I’m under no illusion that next-gen isn’t going to entirely knock my socks off this side off Christmas or well into next year but I wanted an upgrade to my PS4 and also enjoy keeping up with technology developments. Entering a new generation is always exciting and boarding that ship is something I love doing. Also technology gimmicks like the haptic feedback on the new PS5 ‘dual-sense’ controller will be fun to explore, even if in the long/run it’s a feature that will get used less and less (I’m guessing).

There’s still some element of the unknown here, how games will perform and what features they’ll have (and not have), and how third party games will compare between PlayStation and Xbox. Xbox has a lot of promise still, what with all the new studios they’ve acquired and the consumer-friendly services they’re offering. I just don’t feel we’ve really seen much games-wise to truly excite (Halo Infinite’s delay went along with aiding my decision to hold off on Microsoft’s console right now). Either way us gamers have much to look forward to in the coming years and the rivalry between the big console names will deliver some great games as a result I’m sure. For now though PlayStation 5 will be my starting point.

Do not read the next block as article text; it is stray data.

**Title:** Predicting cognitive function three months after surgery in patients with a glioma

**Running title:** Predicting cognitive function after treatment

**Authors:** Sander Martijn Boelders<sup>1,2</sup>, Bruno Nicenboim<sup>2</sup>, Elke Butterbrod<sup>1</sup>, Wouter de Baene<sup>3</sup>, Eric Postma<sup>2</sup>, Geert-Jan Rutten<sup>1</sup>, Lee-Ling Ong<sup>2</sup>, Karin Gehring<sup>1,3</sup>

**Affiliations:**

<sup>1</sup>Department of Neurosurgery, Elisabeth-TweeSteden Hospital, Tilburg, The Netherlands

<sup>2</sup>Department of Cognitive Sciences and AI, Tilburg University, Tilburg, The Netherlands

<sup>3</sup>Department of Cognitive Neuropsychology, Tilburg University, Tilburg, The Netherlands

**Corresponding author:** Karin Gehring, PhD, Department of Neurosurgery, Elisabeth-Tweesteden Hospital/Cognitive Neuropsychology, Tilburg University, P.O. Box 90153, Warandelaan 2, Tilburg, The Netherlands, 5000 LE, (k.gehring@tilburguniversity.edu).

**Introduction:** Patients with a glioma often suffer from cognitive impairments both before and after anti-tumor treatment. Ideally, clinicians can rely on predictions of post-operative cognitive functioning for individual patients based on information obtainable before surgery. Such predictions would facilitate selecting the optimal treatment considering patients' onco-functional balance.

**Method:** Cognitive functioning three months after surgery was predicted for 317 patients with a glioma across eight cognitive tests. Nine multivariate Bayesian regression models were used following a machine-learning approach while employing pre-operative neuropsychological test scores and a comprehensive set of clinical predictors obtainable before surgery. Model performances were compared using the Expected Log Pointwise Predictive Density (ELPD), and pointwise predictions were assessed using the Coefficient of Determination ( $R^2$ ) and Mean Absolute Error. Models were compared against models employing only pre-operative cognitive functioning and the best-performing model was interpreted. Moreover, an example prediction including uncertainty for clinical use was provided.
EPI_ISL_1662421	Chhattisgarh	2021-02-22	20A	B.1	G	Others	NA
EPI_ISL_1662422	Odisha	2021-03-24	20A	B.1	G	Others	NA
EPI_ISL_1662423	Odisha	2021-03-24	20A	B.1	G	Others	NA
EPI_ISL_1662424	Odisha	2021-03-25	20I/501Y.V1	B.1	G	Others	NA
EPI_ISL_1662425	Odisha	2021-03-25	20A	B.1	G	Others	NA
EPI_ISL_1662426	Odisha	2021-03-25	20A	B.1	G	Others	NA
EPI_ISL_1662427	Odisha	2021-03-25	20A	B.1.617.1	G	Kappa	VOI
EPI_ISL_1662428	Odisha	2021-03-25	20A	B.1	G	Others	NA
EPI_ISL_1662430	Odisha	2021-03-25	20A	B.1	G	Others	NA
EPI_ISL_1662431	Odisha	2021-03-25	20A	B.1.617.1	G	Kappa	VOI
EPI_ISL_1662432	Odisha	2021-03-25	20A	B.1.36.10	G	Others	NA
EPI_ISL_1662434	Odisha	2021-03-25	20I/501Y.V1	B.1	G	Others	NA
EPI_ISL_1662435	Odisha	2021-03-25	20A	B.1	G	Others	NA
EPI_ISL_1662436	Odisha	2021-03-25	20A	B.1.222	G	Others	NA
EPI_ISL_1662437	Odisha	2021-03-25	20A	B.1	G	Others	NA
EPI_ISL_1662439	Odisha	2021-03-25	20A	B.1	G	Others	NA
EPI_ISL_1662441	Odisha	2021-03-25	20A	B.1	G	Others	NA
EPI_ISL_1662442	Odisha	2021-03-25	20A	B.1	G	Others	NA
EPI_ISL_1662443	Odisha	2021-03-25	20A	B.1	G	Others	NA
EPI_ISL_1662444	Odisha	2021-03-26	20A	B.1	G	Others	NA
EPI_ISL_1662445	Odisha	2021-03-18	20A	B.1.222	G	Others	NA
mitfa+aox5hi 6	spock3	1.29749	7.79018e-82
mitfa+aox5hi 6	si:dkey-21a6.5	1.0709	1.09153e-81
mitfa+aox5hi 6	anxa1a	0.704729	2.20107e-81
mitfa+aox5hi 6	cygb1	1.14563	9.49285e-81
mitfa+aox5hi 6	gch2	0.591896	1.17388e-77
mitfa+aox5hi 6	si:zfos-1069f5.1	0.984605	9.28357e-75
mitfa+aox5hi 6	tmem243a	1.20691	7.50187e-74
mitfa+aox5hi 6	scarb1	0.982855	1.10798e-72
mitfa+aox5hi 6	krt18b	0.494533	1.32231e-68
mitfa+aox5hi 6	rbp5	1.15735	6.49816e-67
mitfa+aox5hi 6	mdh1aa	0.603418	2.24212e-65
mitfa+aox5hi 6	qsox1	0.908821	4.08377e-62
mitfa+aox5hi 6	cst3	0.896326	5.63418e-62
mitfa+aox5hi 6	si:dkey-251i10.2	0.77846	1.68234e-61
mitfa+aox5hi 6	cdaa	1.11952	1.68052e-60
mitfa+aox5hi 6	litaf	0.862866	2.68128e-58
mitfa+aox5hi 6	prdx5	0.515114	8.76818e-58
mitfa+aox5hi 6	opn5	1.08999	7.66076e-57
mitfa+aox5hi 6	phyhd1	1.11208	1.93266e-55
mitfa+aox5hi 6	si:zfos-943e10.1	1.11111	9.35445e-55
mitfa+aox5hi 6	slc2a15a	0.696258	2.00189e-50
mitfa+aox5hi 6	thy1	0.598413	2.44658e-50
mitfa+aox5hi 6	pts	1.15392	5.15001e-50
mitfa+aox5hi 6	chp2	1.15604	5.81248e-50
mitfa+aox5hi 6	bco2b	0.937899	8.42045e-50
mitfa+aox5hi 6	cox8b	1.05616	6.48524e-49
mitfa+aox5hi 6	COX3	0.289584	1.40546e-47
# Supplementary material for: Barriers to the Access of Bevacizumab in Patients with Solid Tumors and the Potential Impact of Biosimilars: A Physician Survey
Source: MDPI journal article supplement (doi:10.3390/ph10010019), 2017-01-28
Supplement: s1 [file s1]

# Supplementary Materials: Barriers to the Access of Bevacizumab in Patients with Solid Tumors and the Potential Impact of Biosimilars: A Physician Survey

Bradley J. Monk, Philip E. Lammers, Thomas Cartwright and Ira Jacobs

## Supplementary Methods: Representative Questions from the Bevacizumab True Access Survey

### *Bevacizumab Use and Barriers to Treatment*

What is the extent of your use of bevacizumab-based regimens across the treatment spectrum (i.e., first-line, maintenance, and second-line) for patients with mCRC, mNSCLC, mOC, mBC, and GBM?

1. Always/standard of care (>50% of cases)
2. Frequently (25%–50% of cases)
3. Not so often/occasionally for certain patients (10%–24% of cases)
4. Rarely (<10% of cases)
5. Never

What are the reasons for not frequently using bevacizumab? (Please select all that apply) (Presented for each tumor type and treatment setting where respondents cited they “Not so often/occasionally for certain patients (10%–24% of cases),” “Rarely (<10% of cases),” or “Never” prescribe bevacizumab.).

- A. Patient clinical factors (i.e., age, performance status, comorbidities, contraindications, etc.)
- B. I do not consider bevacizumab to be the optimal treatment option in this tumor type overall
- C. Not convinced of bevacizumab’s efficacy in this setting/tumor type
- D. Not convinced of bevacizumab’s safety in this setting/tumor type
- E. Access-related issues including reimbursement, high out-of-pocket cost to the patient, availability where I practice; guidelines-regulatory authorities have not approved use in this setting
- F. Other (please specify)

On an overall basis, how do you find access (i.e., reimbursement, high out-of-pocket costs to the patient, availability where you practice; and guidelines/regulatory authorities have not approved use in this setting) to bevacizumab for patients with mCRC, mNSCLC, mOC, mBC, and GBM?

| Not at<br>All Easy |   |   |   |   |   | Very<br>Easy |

Roll on November 19th.

An update and stuff


So what have I been up to lately?  Well I managed to complete Assassin’s Creed Unity on the PS4, the first AC game I have ever kept interested in until the end.  Why?  I think setting was key.  Of the previous games in the series I have played, most have been set either in medieval (AC 1 & 2) or around the time of the crusades (AC 3) and well, the pirating of AC4 never appealed so I didn’t play that one.  However this one was set in Paris, during the revolution, the time of Napoleon etc. and it was a brilliantly atmospheric setting I personally have plenty of interest in.